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As doctors worry about 'a very apocalyptic fall,' the CDC retracts info on how Covid-19 spreads

As most US states head in the wrong direction with coronavirus, the Centers for Disease Control and Prevention has retracted key information about how the virus spreads.

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Madeline Holcombe, CNN
CNN — As most US states head in the wrong direction with coronavirus, the Centers for Disease Control and Prevention has retracted key information about how the virus spreads.

The US is on the brink of 200,000 coronavirus deaths, with the number of new cases rising in 28 states, according to data from Johns Hopkins University.

"We may be in for a very apocalyptic fall, I'm sorry to say," said Dr. Peter Hotez, dean of the National School of Tropical Medicine at Baylor College of Medicine.

"And it's happening because we're forcing schools to reopen in areas of high transmission. We're forcing colleges to reopen, and we don't have the leadership nationally, telling people to wear masks and to social distance and do all the things we need to do."

Dr. Jeanne Marrazzo, director of the infectious diseases at the University of Alabama at Birmingham, said she agrees this fall "could be apocalyptic" after recent spikes.

"Why are we going back up? I think there are a few reasons," Marrazzo said,

"One is that there is general fatigue. People are really tired of this," she said. "And then the second thing is ... the completely contradictory messages that we're getting -- not just the misinformation, but also the confusion about how things are spread."

She cited a recent update from the CDC that said you can get Covid-19 just by inhaling tiny particles from an infected person's breath that linger or travel in the air.

"There is growing evidence that droplets and airborne particles can remain suspended in the air and be breathed in by others, and travel distances beyond 6 feet," the CDC's website said in an update Friday. "In general, indoor environments without good ventilation increase this risk."

Many doctors have known that for months -- hence their pleas for the public to wear masks.

"The updated guidance would have been fine if it came out last May," Hotez said. "We knew all of these things months ago."

But by Monday afternoon, the CDC's update was removed.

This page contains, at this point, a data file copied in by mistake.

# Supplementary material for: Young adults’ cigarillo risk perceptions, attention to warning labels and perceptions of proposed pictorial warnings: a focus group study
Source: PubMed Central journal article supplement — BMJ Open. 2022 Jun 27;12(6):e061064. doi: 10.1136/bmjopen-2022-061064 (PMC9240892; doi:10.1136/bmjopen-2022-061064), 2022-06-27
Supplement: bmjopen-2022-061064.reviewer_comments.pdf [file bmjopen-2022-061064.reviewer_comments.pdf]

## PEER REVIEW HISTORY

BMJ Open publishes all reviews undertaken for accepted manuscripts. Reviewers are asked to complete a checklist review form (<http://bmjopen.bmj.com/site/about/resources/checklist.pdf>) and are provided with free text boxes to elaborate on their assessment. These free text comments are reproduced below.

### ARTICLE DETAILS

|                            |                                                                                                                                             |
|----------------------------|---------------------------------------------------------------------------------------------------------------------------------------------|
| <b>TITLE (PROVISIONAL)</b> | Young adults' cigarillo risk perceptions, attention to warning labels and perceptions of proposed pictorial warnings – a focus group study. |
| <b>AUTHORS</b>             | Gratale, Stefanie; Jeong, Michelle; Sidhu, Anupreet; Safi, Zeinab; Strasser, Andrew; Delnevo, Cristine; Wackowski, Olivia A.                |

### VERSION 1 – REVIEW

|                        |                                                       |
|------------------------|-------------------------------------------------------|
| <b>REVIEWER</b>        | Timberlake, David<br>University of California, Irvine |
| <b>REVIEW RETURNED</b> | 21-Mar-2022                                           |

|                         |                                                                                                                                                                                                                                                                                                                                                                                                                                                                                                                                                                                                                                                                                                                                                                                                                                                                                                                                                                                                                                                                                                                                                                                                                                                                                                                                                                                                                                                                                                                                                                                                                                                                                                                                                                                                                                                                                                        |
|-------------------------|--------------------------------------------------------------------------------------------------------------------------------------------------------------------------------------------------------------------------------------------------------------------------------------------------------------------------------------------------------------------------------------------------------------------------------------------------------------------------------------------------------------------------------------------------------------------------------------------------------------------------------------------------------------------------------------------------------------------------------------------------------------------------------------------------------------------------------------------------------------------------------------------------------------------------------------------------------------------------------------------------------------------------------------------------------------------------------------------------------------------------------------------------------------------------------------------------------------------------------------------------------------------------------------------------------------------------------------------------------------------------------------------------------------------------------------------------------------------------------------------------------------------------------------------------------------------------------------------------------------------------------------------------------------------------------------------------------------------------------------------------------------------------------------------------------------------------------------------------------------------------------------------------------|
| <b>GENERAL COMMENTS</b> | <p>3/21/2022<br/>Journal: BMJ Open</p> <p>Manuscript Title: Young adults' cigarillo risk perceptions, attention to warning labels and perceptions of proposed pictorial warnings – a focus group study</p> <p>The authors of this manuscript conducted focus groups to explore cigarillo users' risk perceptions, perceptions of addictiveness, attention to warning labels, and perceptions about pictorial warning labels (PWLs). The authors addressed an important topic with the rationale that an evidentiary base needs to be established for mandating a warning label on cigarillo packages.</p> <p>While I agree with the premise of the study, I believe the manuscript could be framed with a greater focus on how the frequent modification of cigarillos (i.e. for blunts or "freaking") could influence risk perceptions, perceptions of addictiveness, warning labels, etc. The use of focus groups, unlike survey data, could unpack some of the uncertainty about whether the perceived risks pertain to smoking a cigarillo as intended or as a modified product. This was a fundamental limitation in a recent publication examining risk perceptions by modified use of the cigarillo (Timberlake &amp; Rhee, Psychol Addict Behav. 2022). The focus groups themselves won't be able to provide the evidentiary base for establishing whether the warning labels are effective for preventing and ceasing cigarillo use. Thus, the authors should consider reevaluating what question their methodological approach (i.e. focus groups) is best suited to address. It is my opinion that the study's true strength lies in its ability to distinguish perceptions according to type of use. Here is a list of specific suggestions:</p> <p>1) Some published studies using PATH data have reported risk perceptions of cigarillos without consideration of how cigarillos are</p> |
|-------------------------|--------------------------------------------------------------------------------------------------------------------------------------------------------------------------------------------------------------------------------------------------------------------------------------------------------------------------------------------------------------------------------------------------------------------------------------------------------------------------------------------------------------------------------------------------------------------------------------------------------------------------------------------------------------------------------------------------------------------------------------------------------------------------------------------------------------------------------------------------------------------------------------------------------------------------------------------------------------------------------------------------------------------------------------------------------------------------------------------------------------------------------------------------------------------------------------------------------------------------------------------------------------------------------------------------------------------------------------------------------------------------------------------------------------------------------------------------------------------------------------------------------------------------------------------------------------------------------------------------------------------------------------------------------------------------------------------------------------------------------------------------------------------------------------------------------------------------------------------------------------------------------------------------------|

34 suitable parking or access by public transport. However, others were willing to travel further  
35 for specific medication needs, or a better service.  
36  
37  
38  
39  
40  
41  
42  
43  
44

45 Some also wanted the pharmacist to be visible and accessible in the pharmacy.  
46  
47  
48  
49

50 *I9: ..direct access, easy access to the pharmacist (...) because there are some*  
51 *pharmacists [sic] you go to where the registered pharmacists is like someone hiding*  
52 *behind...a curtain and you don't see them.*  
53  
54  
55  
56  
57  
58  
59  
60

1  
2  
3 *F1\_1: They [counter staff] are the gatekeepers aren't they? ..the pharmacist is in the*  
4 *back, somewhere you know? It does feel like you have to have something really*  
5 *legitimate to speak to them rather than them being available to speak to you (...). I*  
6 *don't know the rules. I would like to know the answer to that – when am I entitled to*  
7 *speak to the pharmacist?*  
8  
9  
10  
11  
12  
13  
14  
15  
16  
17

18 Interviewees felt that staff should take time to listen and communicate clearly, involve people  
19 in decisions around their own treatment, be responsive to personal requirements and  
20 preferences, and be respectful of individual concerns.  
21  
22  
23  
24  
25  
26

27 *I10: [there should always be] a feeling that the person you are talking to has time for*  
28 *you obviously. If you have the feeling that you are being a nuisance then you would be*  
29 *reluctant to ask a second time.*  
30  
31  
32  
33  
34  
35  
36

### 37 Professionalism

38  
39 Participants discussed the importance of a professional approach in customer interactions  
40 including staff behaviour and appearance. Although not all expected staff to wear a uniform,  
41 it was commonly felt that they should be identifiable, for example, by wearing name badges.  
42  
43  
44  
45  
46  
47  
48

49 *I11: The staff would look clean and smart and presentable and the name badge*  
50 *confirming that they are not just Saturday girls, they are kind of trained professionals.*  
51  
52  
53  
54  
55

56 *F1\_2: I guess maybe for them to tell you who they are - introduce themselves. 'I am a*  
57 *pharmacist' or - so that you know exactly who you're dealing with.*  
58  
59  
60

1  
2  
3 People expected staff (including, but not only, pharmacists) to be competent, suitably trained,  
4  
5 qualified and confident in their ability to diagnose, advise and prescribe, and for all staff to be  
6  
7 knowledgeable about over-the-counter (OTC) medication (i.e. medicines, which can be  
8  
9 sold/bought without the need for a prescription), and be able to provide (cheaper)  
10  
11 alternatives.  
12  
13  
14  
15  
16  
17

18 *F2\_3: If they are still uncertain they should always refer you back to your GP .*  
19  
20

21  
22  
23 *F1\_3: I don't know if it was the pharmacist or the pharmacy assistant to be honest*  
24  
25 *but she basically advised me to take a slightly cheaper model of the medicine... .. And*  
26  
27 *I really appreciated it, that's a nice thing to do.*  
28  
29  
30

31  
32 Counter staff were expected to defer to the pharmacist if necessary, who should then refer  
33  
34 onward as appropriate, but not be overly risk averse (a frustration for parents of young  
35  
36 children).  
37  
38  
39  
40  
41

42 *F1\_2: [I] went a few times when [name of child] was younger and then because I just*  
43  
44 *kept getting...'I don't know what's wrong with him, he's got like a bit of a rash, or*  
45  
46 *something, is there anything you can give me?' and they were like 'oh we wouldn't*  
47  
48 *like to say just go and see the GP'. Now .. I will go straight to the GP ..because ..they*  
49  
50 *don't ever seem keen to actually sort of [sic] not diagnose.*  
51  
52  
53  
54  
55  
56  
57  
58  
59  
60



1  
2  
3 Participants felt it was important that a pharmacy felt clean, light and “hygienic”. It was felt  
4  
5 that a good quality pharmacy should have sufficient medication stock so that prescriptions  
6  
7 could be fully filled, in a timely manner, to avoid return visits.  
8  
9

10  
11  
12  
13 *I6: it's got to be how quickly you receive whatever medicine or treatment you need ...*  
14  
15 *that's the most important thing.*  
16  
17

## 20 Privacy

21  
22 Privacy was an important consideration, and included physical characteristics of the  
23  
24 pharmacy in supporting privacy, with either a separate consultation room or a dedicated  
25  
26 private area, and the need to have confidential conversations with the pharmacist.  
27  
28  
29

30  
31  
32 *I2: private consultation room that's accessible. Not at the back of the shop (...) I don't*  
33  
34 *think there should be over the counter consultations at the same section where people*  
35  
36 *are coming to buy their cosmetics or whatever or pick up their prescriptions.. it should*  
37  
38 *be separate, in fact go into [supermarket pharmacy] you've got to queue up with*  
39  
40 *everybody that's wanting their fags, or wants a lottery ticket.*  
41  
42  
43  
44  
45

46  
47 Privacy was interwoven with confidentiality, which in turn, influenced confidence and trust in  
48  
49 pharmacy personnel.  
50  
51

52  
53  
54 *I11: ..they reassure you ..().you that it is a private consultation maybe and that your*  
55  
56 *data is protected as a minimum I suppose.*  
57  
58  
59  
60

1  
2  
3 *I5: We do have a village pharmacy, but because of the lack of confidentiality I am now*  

"The fact that they retracted this, even though this is common scientific knowledge at this point, one has to wonder what's behind it," said Dr. Leana Wen, a CNN medical analyst and an emergency physician at George Washington University.

"Was there political pressure? Political interference that's driving this rather than science?"

Both the heads of the CDC and the Food and Drug Administration were appointed by President Donald Trump. And while Trump said he gives himself an "A+" on his handling of the pandemic, he has also said he "wanted to always play it down."

When asked why the CDC retracted its update on aerosolized spread, a spokesman said it was posted in error.

"A draft version of proposed changes to these recommendations was posted in error to the agency's official website," CDC spokesman Jason McDonald said in an email to CNN.

"CDC is currently updating its recommendations regarding airborne transmission of SARS-CoV-2 (the virus that causes COVID-19). Once this process has been completed, the update language will be posted."

The heads of the CDC and the FDA are appointed by the president. Why that might be a problem

Where Covid-19 cases are rising and falling

As of Monday, 28 states had more new cases this past week compared to the previous week, according to Johns Hopkins data.

Sixteen states are holding steady, and only six states are showing declines in new cases: Delaware, Hawaii, Louisiana, Michigan, South Carolina and Vermont.

Track the virus in your state and across the US

But it's not just the raw numbers of new cases that the public should pay attention to. It's also the test positivity rates -- the percentage of tests taken that turn out to be positive.

The World Health Organization (WHO) has advised governments maintain test positivity rates at or below 5% for at least two weeks before businesses reopen.

As of Monday morning, 27 states and Puerto Rico have test positivity rates higher than that 5% threshold, according Johns Hopkins University.

On the other end of the spectrum, five states have test positivity rates lower than 1% -- Maine, Vermont, Massachusetts, New Hampshire and New York.

How some states got creative in controlling Covid-19

The race for a (safe and effective) vaccine

CDC Director Dr. Robert Redfield has said a vaccine might not be available to most Americans until mid-2021.

But Moncef Slaoui, chief adviser to Operation Warp Speed, told CNBC Monday that "we are pretty close" to having a vaccine for Covid-19.

At least three vaccines are in Phase 3 clinical trials in the US. Slaoui said it's possible vaccine efficacy could be determined between October and January.

"The longer we wait, the more likely," Slaoui said.

If approval or authorization is granted by November or December, "we may be able, for instance, to immunize the most susceptible populations in the US by December of 2020," Slaoui said.

"Most of the elderly population and first line workers in January of 2021, and the rest of the US population progressively in the month of February, March and April," Slaoui said.

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